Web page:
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Reflections

An easy way to sum 2012 up for me would be to call it the Year of Goals. I’m a planner by nature, keeping lists and lists (and lists) of anything and everything. But I think a better description would be to call it the Year of Change. I declared that I needed to change my life, so I did. I stopped making excuses for myself, I faced my fears head on and I lived.

Last January, I wrote:
I hope that a year from now, everything has changed. I hope that I’m debt free. I hope that I’ve travelled. I hope that I’ve lead a healthier life. But most of all, I hope that I’m leading the life I want instead of the life that I’ve accepted. I hope this year has radical changes in store… and I’ll make sure it does.

Everything changed.

The following week I started an online course that set the tone for the entire year. Jenny Blake’s Make Sh*t Happen (affiliate) is easily one of the best things I ever did for myself… leading me to reach deep within myself to figure out what I really wanted. The scariest and most difficult part was accepting that at that point, I was still “figuring it out.”

Five top moments of 2012:
  1. I figured it out. I am currently serving as a Peace Corps Volunteer in Ethiopia.
  2. This girl (who is terrified of heights) jumped out of an airplane 12,000 feet above the ground.
  3. After discovering I actually enjoy running, I finished a half-marathon distance run (and have a full marathon in my sights someday).
  4. I paid off all of my consumer debt.
  5. I met some really cool people at #WDS2012 and the MSH Weekend of Genius.

What were a few of your top moments of 2012?

Becoming a PCV

Swear in was over two weeks ago… and it’s taken me about that long to collect my thoughts. I’ve been at my site since then, working on making my house a home and finding my way about my new community. As exhausting as PST’s strict schedule could be, the unstructured days I have now can be just as exhausting… but I make it a point to do one thing that scares me every day. Whether that be having a buna ceremony at someone’s house to going to the market with my new 8th grade best friend, I push every day.

PST Reflections

Since arriving in Ethiopia, I wanted to write at least one meaningful post a week. But over the past three months, that was fairly difficult for me to keep up with the strict PST schedule that had us booked all day, every day.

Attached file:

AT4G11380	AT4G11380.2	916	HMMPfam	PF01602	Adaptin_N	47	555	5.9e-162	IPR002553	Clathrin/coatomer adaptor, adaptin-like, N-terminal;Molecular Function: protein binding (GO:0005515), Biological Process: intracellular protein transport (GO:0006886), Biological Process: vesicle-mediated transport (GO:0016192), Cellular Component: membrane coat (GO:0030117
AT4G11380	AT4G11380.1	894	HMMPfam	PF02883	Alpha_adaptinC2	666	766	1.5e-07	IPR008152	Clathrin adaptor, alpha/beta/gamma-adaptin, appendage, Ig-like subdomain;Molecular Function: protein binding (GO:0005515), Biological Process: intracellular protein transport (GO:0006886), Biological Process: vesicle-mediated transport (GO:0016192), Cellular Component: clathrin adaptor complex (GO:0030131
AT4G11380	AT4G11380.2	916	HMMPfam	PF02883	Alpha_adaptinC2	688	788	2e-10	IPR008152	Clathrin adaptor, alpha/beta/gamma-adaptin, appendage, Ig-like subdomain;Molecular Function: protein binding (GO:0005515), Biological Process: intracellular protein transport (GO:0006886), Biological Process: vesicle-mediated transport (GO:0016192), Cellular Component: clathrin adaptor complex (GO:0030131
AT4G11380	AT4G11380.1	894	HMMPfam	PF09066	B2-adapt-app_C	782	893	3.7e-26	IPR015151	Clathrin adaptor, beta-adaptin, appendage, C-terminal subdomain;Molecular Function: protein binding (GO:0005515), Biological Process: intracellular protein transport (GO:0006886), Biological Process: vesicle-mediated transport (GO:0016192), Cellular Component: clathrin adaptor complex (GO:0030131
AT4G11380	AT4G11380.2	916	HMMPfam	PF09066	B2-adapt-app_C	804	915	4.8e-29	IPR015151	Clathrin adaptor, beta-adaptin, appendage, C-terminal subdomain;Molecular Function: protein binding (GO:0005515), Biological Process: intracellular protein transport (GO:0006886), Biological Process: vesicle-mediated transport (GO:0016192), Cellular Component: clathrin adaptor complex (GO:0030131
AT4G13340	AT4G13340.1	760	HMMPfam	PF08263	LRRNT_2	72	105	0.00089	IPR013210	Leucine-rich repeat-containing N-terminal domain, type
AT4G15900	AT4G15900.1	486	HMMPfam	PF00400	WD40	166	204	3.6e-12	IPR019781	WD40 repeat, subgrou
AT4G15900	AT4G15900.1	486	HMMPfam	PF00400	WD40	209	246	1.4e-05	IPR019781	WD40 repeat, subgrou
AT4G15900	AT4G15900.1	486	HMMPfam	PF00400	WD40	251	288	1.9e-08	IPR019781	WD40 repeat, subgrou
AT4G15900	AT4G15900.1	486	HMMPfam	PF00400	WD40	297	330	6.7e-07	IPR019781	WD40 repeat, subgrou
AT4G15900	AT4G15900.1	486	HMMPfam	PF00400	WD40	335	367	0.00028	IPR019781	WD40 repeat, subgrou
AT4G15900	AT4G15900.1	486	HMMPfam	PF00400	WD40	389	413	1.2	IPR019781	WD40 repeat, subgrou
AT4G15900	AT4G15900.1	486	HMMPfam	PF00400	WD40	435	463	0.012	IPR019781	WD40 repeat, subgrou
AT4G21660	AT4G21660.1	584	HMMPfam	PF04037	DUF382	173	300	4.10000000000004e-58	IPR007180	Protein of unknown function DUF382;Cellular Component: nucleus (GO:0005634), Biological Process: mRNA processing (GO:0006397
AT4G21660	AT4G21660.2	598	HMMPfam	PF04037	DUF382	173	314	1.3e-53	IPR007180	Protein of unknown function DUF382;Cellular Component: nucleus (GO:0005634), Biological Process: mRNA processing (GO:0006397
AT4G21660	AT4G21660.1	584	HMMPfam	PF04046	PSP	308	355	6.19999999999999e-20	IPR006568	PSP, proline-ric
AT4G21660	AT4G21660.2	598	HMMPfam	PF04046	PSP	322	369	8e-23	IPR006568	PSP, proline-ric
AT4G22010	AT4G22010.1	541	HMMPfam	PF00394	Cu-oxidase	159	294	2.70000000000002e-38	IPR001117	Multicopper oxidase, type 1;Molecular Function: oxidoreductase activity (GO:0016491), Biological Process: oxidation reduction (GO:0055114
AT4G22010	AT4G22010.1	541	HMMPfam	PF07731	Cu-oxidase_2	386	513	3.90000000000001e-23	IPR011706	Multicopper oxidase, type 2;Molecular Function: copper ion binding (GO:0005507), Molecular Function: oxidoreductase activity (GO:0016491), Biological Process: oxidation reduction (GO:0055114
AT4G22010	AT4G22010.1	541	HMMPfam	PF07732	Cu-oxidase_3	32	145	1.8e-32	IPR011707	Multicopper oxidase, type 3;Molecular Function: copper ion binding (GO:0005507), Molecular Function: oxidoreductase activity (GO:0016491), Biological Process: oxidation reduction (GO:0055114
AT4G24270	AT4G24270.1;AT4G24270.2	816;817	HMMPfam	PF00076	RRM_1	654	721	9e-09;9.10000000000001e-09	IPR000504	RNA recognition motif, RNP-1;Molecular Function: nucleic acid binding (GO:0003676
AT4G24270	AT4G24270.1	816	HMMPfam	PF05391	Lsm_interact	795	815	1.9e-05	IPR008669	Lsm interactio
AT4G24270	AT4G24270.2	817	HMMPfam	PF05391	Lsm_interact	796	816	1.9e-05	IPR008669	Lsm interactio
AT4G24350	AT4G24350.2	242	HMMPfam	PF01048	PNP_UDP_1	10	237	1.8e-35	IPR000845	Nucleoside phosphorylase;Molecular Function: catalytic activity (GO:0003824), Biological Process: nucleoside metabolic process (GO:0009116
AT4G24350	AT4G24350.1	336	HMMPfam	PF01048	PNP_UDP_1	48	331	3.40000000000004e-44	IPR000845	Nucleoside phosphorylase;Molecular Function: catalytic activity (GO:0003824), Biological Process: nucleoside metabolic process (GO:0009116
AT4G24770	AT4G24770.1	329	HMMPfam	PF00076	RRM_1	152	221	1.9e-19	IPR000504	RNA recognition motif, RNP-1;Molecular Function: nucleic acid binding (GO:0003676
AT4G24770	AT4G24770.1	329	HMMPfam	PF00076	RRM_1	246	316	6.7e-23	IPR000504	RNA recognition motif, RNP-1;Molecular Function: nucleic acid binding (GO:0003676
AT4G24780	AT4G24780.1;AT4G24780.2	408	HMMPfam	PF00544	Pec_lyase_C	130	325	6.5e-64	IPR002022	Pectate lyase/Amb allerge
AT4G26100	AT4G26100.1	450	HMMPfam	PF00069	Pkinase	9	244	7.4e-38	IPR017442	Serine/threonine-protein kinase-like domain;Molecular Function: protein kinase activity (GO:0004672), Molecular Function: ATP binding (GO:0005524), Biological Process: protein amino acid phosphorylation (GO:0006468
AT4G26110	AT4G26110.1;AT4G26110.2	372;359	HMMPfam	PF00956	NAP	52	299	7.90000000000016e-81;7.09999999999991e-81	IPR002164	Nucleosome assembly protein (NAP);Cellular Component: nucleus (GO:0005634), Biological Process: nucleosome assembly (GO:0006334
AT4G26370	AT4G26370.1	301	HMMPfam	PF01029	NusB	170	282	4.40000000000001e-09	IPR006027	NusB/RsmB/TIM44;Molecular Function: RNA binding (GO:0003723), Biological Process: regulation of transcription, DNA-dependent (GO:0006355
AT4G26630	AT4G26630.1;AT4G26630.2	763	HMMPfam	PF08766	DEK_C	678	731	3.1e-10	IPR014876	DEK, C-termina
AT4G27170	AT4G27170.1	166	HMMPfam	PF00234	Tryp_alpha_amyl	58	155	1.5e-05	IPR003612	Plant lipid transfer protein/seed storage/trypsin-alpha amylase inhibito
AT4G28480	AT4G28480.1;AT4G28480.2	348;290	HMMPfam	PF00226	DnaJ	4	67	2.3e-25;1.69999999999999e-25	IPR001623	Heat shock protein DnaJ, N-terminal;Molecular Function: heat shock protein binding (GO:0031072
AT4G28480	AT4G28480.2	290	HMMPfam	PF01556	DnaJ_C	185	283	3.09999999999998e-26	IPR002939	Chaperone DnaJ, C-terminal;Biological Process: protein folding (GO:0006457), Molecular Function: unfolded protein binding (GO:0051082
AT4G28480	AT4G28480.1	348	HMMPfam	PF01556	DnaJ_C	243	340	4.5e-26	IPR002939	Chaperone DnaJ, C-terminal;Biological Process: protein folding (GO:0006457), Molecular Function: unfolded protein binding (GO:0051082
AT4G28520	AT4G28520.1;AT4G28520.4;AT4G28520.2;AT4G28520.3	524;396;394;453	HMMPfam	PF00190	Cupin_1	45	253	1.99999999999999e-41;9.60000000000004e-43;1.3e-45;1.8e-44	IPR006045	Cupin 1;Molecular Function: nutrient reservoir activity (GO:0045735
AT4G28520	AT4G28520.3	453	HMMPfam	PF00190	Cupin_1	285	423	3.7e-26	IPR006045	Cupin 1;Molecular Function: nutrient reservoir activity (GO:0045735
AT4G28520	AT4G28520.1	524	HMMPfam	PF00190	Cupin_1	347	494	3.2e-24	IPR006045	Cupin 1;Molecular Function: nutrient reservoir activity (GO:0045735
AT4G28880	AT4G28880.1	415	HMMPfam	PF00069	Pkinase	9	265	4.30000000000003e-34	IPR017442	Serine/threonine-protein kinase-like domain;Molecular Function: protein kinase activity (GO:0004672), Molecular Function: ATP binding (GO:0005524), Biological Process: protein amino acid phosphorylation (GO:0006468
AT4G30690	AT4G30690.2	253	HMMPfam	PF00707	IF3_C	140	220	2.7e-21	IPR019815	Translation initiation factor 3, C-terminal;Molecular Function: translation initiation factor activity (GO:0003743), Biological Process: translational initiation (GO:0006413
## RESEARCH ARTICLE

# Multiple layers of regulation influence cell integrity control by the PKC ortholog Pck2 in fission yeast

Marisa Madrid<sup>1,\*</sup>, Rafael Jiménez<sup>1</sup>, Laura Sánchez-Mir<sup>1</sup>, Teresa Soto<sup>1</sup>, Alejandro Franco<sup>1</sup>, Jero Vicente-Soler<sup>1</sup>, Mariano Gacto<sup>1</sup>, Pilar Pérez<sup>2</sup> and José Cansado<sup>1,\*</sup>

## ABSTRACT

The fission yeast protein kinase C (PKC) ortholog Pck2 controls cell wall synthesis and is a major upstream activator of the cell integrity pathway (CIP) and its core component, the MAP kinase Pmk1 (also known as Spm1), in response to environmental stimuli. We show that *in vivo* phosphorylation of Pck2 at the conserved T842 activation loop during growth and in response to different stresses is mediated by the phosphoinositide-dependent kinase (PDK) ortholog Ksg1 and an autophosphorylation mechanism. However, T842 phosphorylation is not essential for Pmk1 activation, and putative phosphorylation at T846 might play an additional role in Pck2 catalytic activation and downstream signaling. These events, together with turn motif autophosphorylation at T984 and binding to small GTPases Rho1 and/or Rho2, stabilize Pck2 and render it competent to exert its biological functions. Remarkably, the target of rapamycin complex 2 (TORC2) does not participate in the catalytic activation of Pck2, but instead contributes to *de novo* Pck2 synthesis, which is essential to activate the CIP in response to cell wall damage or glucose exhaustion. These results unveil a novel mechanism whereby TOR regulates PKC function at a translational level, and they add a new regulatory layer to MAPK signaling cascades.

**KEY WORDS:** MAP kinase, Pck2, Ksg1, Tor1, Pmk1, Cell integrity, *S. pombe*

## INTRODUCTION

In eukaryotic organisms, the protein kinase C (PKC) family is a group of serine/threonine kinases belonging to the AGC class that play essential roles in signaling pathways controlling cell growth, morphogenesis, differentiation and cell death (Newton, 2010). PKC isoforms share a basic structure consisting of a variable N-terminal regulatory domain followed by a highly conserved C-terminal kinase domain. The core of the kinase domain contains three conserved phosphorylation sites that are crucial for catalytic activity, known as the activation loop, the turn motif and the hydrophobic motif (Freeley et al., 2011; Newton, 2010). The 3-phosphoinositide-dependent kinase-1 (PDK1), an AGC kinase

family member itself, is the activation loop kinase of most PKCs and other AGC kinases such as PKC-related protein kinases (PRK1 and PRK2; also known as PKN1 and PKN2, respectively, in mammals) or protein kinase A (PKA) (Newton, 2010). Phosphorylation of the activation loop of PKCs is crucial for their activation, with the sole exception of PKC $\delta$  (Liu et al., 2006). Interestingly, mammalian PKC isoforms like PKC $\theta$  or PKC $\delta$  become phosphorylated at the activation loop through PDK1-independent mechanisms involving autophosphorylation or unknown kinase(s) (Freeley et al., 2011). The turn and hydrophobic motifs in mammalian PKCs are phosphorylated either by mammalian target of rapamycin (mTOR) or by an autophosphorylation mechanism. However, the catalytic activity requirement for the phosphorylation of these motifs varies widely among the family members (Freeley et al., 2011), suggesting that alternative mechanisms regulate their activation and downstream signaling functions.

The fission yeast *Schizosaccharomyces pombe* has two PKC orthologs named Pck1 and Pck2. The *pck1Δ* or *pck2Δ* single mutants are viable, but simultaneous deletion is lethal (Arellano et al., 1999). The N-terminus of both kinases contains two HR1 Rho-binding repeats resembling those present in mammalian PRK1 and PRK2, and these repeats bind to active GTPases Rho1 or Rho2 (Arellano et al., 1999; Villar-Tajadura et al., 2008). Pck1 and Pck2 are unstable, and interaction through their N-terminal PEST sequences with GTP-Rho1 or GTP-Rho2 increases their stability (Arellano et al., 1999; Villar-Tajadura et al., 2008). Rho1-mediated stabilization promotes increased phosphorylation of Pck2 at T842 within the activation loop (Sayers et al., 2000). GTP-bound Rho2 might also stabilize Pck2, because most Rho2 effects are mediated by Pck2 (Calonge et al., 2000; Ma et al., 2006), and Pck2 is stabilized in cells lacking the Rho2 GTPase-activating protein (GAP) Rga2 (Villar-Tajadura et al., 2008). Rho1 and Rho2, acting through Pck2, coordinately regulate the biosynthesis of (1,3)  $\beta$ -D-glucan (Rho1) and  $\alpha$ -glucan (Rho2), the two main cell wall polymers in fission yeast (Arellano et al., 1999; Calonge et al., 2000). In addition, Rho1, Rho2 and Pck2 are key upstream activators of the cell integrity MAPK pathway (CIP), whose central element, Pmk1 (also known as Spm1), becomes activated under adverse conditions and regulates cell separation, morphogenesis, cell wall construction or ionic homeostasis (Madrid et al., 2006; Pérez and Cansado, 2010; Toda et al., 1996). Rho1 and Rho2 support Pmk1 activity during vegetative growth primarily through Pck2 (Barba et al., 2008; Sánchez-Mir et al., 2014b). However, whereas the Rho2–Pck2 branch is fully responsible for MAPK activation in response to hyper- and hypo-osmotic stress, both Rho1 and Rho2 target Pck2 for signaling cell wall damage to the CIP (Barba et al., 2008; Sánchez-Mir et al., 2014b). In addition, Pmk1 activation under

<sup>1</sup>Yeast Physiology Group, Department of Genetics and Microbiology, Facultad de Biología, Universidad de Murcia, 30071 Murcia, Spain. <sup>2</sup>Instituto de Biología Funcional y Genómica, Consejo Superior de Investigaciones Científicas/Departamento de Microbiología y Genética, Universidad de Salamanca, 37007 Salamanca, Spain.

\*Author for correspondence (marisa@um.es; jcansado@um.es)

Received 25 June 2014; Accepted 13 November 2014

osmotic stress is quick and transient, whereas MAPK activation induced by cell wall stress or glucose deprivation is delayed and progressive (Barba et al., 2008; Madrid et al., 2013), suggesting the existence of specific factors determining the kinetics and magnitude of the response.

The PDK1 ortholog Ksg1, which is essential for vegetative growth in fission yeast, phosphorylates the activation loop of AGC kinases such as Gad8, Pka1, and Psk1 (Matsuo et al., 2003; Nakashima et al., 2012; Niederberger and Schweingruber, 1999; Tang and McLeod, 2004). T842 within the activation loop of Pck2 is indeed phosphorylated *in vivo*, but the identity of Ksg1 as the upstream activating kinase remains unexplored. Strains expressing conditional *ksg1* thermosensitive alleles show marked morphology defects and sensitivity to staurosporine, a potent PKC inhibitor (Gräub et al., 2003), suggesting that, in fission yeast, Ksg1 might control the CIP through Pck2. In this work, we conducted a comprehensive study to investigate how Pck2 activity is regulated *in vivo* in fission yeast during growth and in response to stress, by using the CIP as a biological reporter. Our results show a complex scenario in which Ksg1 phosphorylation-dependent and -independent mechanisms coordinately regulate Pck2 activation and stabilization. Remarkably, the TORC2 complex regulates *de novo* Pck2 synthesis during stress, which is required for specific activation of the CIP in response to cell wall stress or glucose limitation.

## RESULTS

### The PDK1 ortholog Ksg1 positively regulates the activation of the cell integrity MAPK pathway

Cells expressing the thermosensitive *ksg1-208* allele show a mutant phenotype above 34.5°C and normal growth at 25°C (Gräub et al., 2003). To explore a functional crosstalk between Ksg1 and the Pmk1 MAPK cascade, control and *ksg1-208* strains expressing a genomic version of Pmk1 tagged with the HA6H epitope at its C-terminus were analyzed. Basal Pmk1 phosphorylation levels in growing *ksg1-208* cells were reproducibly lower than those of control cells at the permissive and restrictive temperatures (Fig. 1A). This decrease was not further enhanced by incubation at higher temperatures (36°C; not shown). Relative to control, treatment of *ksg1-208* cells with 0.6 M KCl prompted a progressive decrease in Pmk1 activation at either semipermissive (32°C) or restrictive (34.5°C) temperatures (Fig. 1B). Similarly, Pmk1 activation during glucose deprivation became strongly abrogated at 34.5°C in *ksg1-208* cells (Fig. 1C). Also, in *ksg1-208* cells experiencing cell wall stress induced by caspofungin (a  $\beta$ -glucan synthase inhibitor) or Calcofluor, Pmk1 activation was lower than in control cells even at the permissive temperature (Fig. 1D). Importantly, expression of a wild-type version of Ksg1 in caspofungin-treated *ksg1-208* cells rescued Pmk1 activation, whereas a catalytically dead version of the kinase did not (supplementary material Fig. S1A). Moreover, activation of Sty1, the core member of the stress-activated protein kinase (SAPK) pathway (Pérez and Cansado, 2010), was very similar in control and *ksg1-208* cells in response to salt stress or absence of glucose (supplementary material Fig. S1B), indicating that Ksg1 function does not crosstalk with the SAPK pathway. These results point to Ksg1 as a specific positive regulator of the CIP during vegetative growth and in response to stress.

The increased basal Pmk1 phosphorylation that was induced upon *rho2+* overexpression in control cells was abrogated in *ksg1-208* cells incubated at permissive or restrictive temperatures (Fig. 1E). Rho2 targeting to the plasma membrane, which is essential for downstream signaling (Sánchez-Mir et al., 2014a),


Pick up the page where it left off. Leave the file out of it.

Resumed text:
While researching the Peace Corps and reading current volunteers’ blogs, one thing I never managed to catch was the fact that despite the ten weeks of PST being a seemingly short time over the course of one’s service, it’s actually pretty difficult. I’m sure people told me, but when everything is still “sunshine and rainbows” in your mind, it’s hard to imagine that a mere ten weeks will be difficult. Future trainees take note: It will be difficult. But on the flipside, PST was really amazing… having been on my own for the better part of two weeks now, I’m immensely grateful for my host family who took me in and showed me the ropes of living in Ethiopia, for the LCFs who taught us language and culture and for being around other fareng every day.

Addis Days

Upon arrival in Addis, we played “Jeopardy” over the PCV Handbook we’d been given the previous Saturday. The trainees were split into the four areas that volunteers are placed: Amhara, Tigray, Jima and Bale. It was a tense showdown, but in the end, Team Amhara rocked it and won a box of candy (plus bragging rights).

The following day was the (in)famous “Addis Day,” where we were finally released into Addis Ababa to learn our way around and taking line taxis to various destinations. It’s also a time to do any shopping we may have wanted before heading to site, but since I fly through Bahir Dar—another large city—to get to my site, I picked up an electric water kettle and not much else. We also got to visit the Peace Corps office for the first time, which was pretty exciting to get to go inside.

It’s Official

Swear in took place two weeks ago, on a sunny Friday afternoon in mid-December at the US Embassy in Addis Ababa. Three trainees gave speeches in one of the languages the 52 of us learned—Amharic, Afan Oromo and Tigrinia—before the ambassador gave us the oath that changed us from trainees into Peace Corps volunteers.

There is something incredible about joining the thousands of men and women who have taken the same oath over the past 51 years. That moment made our commitment seem so much bigger than just ourselves… this long, rich history of volunteers all over the world, working and living with the people we strive to serve.

1 IMG 7715 Becoming a PCV1 IMG 7723 2 Becoming a PCV1 IMG 7758 2 Becoming a PCV

Wanderer

hold me fast, hold me fast
cause I’m a hopeless wanderer
and I will learn, I will learn
to love the skies I’m under
- mumford & sons